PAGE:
What is bracketing and why should Realtors do it?

what's my home worthI spoke recently at a local Realtor group about how Realtors could “think like an appraiser”. By being on the same page as the appraiser I believe that there will be fewer value issues on the back end of the sales transaction. By following similar methods as appraisers to arrive at their list prices, Realtors can be proactive in their pricing strategy.

The method of bracketing sales is the topic I wanted to focus on today. Bracketing refers to the method of choosing sales comparables that are both inferior and superior to the subject property in various features and characteristics. For example, you may want to compare the subject to recent sales that are both bigger and smaller in square footage than the subject, not just one or the other. In addition, you could choose sales that are inferior and superior in updating or features.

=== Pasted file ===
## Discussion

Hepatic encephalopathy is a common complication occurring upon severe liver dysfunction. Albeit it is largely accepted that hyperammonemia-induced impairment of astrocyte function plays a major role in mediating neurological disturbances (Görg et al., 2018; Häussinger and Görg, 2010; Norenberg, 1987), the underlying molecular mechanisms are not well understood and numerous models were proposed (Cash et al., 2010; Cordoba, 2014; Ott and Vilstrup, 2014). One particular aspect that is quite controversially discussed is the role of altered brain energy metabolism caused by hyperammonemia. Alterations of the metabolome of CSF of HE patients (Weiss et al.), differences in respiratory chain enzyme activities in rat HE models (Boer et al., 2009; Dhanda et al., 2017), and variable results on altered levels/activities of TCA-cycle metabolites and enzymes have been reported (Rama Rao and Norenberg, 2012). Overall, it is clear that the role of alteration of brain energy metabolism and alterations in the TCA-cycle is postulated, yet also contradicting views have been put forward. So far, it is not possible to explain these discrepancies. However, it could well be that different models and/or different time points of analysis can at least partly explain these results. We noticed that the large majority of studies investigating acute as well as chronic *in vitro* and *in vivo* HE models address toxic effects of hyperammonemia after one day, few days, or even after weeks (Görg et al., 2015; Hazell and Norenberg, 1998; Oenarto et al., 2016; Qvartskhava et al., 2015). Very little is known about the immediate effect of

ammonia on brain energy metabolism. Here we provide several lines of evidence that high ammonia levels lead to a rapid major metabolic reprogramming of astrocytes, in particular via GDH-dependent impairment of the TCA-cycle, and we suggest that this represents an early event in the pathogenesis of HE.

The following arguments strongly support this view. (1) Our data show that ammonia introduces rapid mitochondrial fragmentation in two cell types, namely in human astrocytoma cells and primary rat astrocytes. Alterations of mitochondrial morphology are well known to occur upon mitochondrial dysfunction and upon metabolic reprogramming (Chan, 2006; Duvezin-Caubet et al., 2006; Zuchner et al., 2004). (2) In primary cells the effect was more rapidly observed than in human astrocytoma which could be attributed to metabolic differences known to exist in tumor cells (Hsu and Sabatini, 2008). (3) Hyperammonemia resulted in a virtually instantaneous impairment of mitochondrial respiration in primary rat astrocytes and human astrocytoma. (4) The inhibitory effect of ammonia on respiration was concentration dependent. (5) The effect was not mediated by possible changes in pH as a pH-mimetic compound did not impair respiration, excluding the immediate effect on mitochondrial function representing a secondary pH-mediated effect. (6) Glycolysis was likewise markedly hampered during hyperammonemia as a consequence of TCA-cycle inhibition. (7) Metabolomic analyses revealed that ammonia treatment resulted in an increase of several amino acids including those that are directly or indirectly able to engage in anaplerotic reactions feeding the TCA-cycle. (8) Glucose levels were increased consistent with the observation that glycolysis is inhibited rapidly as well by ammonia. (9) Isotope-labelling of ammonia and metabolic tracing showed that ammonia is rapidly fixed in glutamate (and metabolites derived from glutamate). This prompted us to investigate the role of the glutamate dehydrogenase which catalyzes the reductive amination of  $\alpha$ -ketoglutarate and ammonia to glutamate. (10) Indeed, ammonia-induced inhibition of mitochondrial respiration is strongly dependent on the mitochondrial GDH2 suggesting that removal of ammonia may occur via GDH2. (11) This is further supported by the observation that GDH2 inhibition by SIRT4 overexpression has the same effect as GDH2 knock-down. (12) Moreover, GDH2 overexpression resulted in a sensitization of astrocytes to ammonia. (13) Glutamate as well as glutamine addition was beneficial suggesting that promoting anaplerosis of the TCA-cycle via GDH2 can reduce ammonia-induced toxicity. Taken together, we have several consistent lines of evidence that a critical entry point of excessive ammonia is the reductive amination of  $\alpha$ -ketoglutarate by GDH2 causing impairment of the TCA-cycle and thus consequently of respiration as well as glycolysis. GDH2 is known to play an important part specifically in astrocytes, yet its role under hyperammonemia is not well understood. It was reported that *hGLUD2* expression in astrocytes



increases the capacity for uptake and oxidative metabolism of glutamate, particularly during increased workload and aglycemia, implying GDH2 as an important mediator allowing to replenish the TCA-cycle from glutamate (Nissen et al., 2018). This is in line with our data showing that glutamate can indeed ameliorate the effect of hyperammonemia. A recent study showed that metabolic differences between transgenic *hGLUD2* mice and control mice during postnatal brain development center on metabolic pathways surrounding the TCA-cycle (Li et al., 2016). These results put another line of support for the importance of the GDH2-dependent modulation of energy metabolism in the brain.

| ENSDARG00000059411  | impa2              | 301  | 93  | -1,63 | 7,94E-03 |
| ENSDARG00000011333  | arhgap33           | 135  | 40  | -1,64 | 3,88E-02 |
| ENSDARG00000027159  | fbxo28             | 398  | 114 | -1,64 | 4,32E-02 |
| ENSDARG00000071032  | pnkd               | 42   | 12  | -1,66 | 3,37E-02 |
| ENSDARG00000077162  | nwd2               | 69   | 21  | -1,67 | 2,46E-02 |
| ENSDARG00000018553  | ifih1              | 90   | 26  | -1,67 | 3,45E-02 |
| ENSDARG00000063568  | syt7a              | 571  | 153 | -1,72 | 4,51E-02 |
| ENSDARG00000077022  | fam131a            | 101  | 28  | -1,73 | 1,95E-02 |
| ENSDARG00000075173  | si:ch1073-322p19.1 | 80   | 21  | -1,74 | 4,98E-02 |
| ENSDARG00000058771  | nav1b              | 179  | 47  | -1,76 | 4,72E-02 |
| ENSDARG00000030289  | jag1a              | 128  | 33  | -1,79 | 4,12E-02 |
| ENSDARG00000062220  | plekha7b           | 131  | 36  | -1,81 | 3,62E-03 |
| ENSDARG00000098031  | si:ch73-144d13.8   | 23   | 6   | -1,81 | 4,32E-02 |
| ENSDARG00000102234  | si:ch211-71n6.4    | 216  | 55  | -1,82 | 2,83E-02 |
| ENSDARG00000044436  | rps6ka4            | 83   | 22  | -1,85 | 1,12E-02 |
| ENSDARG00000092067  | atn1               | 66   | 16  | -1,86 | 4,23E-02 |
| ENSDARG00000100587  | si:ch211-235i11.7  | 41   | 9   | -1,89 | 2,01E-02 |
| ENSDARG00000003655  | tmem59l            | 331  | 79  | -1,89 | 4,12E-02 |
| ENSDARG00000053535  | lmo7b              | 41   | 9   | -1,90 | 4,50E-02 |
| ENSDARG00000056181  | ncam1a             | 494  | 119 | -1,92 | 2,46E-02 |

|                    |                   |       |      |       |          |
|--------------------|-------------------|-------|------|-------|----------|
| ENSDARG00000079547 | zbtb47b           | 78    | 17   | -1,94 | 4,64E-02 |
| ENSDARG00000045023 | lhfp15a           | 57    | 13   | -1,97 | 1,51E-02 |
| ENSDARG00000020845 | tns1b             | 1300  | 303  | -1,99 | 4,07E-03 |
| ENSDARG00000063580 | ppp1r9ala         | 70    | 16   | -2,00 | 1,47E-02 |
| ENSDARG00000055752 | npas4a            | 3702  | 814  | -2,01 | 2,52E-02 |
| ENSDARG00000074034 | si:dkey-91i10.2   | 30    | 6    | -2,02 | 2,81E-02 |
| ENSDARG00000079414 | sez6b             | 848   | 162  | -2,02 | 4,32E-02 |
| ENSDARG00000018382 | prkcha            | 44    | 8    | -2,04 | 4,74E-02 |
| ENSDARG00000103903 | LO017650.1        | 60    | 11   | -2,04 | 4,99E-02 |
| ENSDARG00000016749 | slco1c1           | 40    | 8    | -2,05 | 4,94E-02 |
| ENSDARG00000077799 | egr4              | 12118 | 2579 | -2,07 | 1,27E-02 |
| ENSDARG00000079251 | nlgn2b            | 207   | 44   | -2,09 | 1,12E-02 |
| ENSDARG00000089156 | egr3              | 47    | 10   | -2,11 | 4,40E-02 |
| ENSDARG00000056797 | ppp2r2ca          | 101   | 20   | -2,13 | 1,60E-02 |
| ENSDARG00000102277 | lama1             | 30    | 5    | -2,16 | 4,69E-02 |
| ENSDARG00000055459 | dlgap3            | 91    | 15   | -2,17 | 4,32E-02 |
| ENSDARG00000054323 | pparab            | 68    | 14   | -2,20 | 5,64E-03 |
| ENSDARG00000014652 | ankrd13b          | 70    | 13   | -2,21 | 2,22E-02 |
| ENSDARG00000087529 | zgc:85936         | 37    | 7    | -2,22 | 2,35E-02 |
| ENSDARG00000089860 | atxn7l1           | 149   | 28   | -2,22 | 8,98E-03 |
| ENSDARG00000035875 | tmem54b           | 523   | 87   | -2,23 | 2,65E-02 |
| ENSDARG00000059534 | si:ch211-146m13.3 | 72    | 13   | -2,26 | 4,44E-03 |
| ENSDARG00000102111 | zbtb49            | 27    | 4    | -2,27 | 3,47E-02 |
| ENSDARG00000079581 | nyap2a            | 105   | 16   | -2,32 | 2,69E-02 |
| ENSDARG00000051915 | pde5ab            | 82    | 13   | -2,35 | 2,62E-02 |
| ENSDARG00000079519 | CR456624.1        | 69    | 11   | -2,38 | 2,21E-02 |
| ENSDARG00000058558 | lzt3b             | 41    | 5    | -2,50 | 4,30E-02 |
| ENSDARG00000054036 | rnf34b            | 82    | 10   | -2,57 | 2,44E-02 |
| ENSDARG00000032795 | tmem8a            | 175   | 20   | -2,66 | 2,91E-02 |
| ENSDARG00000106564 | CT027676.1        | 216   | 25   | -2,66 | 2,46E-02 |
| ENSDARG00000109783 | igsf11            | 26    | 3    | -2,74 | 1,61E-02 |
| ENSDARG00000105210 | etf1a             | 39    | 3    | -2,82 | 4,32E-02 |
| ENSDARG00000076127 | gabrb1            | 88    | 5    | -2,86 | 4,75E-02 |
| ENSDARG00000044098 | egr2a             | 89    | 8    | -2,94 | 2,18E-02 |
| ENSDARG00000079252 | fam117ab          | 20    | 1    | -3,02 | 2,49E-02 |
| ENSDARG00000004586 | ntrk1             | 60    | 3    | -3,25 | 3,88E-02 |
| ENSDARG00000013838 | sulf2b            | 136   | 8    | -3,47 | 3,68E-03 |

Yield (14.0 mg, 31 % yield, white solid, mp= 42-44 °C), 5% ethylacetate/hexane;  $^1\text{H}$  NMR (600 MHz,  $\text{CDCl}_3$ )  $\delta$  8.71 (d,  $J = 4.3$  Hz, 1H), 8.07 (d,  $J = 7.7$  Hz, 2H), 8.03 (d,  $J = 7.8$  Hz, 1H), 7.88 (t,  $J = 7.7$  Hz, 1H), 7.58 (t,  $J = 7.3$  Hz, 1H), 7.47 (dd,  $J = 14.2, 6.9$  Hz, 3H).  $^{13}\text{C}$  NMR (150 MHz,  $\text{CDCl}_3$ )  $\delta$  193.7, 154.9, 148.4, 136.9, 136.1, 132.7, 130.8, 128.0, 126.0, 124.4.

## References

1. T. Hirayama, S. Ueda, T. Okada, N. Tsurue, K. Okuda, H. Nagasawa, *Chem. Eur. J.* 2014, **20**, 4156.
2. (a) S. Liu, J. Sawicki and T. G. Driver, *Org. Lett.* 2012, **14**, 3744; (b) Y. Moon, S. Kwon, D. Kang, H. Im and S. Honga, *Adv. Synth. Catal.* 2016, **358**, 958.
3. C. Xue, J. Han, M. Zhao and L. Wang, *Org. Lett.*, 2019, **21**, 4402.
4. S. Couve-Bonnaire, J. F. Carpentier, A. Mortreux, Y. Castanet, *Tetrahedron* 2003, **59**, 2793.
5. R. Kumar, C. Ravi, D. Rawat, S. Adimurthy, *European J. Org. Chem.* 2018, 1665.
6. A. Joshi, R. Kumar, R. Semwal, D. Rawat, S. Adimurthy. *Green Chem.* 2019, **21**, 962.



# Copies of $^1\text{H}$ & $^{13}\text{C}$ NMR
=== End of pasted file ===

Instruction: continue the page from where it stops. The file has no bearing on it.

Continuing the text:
The logic behind choosing comparables that are superior and inferior lies in how adjustments are made to the sales. If a sale is superior to the subject property a downward adjustment is made to the sale, and if a sale is inferior to the subject property an upward adjustment is made. So let’s say you have one sale with a fireplace, while the subject does not have this feature. If the fireplace is worth $2,000 you would subtract $2,000 from the sales price of the comparable. If you have two sales that are similar to the subject in all but the two different features, one being superior and the other inferior, you can estimate the value of the subject by adjusting for the differences. In a perfect world after you adjust up on one sale, and down on the other sale, the adjusted sale price for each one would be the same, and that would be the indicated value of the subject. This is not exactly the case in the real world so there is a range in “adjusted values”.